It is always important not to be reactionary in these types of situations. So it is refreshing, in some sense, that the Western Hockey League didn't swing into overreaction at the prospect of having 20-year-old should-be pros pushed back into junior hockey. While a lockout is going to cost people roster spots, it would seem especially unfair to have that trickle down all the way to younger juniors who could get squeezed out of ice time if teams were allowed to dress a fourth or fifth overage instead of just three.
From Greg Harder:
"It's obviously tempting any time you have a surplus in an age group like the 20-year-olds, but I don't believe it's in our best interests to change our model," said Robison. "It's really designed to develop players at the junior age to get to the next level (instead of eliminating spots for younger talent in favour of 20-year-olds). That's reflected in our agreements with the NHL. We believe that formula should remain for the time being. It's always open for discussion but we don't believe it would be the appropriate thing to do to make an adjustment just because we're in a labour dispute."
Robison pointed out that the WHL wants to keep its player ratios consistent with the rest of the CHL — working in conjunction with the OHL and QMJHL — especially when it comes to the Memorial Cup.
Robison also noted that the idea of making changes has been raised in the past and, in fact, "those discussions take place on an ongoing basis." That said, "every time we have that discussion we come back to the fact that we're pretty comfortable with the ratios the way they are." (Regina Leader-Post)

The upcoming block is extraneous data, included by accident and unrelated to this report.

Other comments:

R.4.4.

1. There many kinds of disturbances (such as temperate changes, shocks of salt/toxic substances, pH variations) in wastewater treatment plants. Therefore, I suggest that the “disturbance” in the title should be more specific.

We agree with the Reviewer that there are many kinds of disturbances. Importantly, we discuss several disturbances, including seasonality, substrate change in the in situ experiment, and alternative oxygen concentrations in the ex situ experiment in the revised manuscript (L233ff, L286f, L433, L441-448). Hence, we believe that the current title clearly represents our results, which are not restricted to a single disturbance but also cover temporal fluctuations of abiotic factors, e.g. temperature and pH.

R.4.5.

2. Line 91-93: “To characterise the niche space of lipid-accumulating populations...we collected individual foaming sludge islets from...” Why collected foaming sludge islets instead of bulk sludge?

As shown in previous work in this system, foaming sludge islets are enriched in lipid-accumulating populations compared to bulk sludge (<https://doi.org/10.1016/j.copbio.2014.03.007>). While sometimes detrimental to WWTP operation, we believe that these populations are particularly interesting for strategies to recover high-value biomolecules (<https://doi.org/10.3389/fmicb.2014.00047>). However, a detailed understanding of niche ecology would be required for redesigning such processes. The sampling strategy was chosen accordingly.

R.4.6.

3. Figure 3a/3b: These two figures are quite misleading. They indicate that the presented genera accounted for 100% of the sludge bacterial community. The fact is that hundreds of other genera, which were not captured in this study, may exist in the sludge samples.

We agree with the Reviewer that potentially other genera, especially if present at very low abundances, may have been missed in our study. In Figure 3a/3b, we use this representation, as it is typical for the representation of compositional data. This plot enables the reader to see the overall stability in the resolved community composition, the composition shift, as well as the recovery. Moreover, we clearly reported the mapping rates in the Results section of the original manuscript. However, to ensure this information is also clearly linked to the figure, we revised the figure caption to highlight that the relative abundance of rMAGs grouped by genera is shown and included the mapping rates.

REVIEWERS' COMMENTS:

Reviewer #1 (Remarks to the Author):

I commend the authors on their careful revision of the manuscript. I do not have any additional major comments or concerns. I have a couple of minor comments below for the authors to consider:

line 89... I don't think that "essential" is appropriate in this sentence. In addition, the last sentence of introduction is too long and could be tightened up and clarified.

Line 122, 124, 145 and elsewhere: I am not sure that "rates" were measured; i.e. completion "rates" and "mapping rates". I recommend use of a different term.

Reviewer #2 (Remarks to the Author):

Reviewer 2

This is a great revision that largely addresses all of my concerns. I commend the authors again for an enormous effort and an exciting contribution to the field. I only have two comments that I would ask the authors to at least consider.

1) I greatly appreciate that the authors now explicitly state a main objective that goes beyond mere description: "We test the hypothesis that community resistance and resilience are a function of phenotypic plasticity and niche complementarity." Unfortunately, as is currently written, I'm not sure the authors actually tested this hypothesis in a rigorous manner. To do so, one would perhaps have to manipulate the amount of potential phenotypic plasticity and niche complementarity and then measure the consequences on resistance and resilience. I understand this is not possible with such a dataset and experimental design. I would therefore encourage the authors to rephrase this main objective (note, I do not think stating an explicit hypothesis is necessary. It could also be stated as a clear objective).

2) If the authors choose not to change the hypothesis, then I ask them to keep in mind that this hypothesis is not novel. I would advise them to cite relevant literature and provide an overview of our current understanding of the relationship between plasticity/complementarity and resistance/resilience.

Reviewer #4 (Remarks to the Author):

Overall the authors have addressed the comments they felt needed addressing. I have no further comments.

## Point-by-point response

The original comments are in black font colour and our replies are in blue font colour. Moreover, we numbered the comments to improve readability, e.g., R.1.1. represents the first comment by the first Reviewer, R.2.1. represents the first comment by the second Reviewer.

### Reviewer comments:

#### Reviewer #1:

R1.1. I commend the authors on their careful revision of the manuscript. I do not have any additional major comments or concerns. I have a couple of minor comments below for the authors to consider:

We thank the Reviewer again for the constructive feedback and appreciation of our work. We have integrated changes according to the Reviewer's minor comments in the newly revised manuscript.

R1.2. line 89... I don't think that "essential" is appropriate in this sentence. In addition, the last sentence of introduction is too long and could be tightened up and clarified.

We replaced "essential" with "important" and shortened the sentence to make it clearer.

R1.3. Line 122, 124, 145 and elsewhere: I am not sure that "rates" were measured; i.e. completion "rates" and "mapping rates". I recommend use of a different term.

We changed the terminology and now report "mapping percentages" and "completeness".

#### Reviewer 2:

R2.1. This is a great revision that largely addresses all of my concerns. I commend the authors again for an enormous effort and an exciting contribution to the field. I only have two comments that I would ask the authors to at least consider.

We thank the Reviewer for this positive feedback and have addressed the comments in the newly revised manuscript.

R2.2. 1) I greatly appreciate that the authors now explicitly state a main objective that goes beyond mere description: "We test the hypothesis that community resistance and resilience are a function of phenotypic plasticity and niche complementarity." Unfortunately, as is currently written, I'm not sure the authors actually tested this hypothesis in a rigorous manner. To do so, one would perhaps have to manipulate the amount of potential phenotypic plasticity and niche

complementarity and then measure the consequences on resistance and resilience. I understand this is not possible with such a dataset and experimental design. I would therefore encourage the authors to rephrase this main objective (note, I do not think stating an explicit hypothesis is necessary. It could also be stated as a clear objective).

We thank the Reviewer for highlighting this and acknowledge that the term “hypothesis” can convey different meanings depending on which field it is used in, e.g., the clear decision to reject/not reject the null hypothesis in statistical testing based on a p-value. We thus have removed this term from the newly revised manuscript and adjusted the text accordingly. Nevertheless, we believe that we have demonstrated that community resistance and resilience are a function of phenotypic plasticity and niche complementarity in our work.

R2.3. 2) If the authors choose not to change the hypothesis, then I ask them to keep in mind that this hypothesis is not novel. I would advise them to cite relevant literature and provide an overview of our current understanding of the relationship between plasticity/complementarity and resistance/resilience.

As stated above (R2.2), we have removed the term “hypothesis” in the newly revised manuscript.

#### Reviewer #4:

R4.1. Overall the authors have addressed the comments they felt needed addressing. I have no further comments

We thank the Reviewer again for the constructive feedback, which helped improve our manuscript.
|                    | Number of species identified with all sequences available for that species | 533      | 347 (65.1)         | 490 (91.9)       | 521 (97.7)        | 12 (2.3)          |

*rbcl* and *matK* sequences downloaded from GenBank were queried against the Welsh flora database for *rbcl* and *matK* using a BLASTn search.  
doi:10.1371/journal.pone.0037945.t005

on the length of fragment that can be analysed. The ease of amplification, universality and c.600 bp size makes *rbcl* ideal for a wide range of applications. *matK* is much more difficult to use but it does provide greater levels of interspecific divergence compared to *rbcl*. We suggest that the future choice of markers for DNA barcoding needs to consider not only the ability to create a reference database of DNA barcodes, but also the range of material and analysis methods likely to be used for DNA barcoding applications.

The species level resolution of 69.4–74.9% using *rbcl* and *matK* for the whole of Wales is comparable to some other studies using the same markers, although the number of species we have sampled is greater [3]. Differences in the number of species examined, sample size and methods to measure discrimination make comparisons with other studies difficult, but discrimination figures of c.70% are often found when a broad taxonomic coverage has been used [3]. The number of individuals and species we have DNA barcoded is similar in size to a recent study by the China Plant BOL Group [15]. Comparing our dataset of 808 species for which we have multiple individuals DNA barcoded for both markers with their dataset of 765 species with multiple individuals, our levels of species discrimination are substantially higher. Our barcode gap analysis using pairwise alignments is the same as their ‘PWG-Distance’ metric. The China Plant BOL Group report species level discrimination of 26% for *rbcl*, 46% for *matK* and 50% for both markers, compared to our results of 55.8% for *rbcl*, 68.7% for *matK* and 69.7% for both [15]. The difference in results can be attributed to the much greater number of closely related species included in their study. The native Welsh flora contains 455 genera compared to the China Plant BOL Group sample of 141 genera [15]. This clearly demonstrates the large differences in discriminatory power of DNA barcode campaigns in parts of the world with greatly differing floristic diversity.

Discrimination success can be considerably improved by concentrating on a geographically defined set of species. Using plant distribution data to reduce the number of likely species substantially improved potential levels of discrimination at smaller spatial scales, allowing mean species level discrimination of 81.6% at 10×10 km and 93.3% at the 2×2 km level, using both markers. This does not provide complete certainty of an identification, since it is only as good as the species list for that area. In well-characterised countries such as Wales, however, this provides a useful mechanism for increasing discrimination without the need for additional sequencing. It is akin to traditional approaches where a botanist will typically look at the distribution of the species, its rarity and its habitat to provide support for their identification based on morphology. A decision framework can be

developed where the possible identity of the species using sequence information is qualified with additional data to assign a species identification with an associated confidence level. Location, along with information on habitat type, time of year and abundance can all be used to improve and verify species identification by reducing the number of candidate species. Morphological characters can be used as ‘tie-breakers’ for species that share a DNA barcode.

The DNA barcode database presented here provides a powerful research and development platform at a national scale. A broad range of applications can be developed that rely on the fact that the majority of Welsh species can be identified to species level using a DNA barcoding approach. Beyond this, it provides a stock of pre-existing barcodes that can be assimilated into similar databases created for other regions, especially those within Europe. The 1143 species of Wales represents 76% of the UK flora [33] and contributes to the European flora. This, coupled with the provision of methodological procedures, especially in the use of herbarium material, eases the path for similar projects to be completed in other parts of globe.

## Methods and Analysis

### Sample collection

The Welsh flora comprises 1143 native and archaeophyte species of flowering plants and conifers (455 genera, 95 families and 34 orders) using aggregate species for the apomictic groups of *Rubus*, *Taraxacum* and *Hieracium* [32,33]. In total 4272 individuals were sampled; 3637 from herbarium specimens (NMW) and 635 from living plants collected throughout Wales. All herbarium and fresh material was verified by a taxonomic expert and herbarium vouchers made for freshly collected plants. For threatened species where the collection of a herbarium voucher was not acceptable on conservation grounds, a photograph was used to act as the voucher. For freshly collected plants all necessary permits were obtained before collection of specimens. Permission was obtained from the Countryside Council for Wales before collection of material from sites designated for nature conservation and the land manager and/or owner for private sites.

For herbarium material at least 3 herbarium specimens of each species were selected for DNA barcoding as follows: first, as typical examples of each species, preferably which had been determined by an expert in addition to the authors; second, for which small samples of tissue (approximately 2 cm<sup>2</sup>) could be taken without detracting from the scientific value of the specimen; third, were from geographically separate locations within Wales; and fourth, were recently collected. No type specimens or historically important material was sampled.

The Canadian Hockey League's claim to be the best developmental league in the world is in peril if its 16- and 17-year-old players end up grasping for ice time taken up by older players. It's part of the push/pull between of being a league which has meaningful regular seasons and playoffs (unlike, say, minor-league baseball), but advertises itself as a place to train for a pro hockey career. No one denies the entertainment product would be enhanced if more teams could dress more veterans, but it would hurt the greater good.
From Gregg Drinnan:
What this means is that the WHL continues to see its role as a developmental league first and an entertainment vehicle second. (Taking Note)
One always feels for every 20-year-old who does not make the cut and finds out his route to playing professionally just became that much tougher.
There could be too much concern about unintended consequences to ever implement a 'flex rule' that would permit teams to ice a combination of five overage and import players. It's not something that should be dismissed out of hand, but it would probably have to be done at the CHL level and building consensus among 60 teams is rather daunting, to put it mildly.
Neate Sager is a writer for Yahoo! Canada Sports. Contact him at firstname.lastname@example.org and follow him on Twitter @neatebuzzthenet.
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